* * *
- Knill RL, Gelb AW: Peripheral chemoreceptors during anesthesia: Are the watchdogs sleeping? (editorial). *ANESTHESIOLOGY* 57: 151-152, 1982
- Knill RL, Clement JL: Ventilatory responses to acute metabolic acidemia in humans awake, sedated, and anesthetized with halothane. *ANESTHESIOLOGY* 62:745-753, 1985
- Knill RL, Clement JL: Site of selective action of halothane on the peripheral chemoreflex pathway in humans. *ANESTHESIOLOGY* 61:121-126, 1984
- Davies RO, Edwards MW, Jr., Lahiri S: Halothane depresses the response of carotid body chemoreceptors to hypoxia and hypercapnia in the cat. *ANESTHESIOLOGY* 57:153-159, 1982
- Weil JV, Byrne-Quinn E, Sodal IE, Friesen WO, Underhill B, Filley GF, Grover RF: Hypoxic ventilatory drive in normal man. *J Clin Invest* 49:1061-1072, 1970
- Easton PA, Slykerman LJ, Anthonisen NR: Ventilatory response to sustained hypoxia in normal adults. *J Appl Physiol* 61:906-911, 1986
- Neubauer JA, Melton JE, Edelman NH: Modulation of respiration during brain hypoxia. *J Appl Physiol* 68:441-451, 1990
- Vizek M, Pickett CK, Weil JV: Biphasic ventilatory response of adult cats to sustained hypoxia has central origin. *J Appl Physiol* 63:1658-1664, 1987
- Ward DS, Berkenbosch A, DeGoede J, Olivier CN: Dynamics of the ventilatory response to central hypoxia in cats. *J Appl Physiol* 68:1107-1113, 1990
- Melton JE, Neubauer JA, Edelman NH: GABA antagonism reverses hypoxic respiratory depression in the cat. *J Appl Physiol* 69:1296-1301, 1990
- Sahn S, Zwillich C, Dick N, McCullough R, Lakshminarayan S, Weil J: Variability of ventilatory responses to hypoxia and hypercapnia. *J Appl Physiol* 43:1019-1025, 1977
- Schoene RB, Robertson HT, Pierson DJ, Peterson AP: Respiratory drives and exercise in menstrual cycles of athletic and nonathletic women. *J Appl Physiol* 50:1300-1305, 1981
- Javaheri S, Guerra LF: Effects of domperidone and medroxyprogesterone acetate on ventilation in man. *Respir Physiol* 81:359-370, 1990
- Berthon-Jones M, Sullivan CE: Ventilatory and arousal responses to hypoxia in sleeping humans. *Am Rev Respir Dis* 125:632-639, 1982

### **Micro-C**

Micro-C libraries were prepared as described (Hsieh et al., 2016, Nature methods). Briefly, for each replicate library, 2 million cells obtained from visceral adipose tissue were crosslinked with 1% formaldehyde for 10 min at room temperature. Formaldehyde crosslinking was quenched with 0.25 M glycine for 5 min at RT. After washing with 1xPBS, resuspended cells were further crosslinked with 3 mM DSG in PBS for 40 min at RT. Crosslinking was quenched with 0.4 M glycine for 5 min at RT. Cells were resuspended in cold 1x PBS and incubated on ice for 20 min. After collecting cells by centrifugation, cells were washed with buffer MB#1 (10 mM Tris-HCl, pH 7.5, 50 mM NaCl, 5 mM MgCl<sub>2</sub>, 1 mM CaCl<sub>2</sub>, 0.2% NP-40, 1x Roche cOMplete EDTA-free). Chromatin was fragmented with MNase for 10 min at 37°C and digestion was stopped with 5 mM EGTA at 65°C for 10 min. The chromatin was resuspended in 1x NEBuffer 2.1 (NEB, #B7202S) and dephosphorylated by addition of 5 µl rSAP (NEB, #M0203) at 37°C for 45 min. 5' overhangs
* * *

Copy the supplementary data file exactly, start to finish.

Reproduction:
- Knill RL, Gelb AW: Peripheral chemoreceptors during anesthesia: Are the watchdogs sleeping? (editorial). *ANESTHESIOLOGY* 57: 151-152, 1982
- Knill RL, Clement JL: Ventilatory responses to acute metabolic acidemia in humans awake, sedated, and anesthetized with halothane. *ANESTHESIOLOGY* 62:745-753, 1985
- Knill RL, Clement JL: Site of selective action of halothane on the peripheral chemoreflex pathway in humans. *ANESTHESIOLOGY* 61:121-126, 1984
- Davies RO, Edwards MW, Jr., Lahiri S: Halothane depresses the response of carotid body chemoreceptors to hypoxia and hypercapnia in the cat. *ANESTHESIOLOGY* 57:153-159, 1982
- Weil JV, Byrne-Quinn E, Sodal IE, Friesen WO, Underhill B, Filley GF, Grover RF: Hypoxic ventilatory drive in normal man. *J Clin Invest* 49:1061-1072, 1970
- Easton PA, Slykerman LJ, Anthonisen NR: Ventilatory response to sustained hypoxia in normal adults. *J Appl Physiol* 61:906-911, 1986
- Neubauer JA, Melton JE, Edelman NH: Modulation of respiration during brain hypoxia. *J Appl Physiol* 68:441-451, 1990
- Vizek M, Pickett CK, Weil JV: Biphasic ventilatory response of adult cats to sustained hypoxia has central origin. *J Appl Physiol* 63:1658-1664, 1987
- Ward DS, Berkenbosch A, DeGoede J, Olivier CN: Dynamics of the ventilatory response to central hypoxia in cats. *J Appl Physiol* 68:1107-1113, 1990
- Melton JE, Neubauer JA, Edelman NH: GABA antagonism reverses hypoxic respiratory depression in the cat. *J Appl Physiol* 69:1296-1301, 1990
- Sahn S, Zwillich C, Dick N, McCullough R, Lakshminarayan S, Weil J: Variability of ventilatory responses to hypoxia and hypercapnia. *J Appl Physiol* 43:1019-1025, 1977
- Schoene RB, Robertson HT, Pierson DJ, Peterson AP: Respiratory drives and exercise in menstrual cycles of athletic and nonathletic women. *J Appl Physiol* 50:1300-1305, 1981
- Javaheri S, Guerra LF: Effects of domperidone and medroxyprogesterone acetate on ventilation in man. *Respir Physiol* 81:359-370, 1990
- Berthon-Jones M, Sullivan CE: Ventilatory and arousal responses to hypoxia in sleeping humans. *Am Rev Respir Dis* 125:632-639, 1982

### **Micro-C**

Micro-C libraries were prepared as described (Hsieh et al., 2016, Nature methods). Briefly, for each replicate library, 2 million cells obtained from visceral adipose tissue were crosslinked with 1% formaldehyde for 10 min at room temperature. Formaldehyde crosslinking was quenched with 0.25 M glycine for 5 min at RT. After washing with 1xPBS, resuspended cells were further crosslinked with 3 mM DSG in PBS for 40 min at RT. Crosslinking was quenched with 0.4 M glycine for 5 min at RT. Cells were resuspended in cold 1x PBS and incubated on ice for 20 min. After collecting cells by centrifugation, cells were washed with buffer MB#1 (10 mM Tris-HCl, pH 7.5, 50 mM NaCl, 5 mM MgCl<sub>2</sub>, 1 mM CaCl<sub>2</sub>, 0.2% NP-40, 1x Roche cOMplete EDTA-free). Chromatin was fragmented with MNase for 10 min at 37°C and digestion was stopped with 5 mM EGTA at 65°C for 10 min. The chromatin was resuspended in 1x NEBuffer 2.1 (NEB, #B7202S) and dephosphorylated by addition of 5 µl rSAP (NEB, #M0203) at 37°C for 45 min. 5' overhangs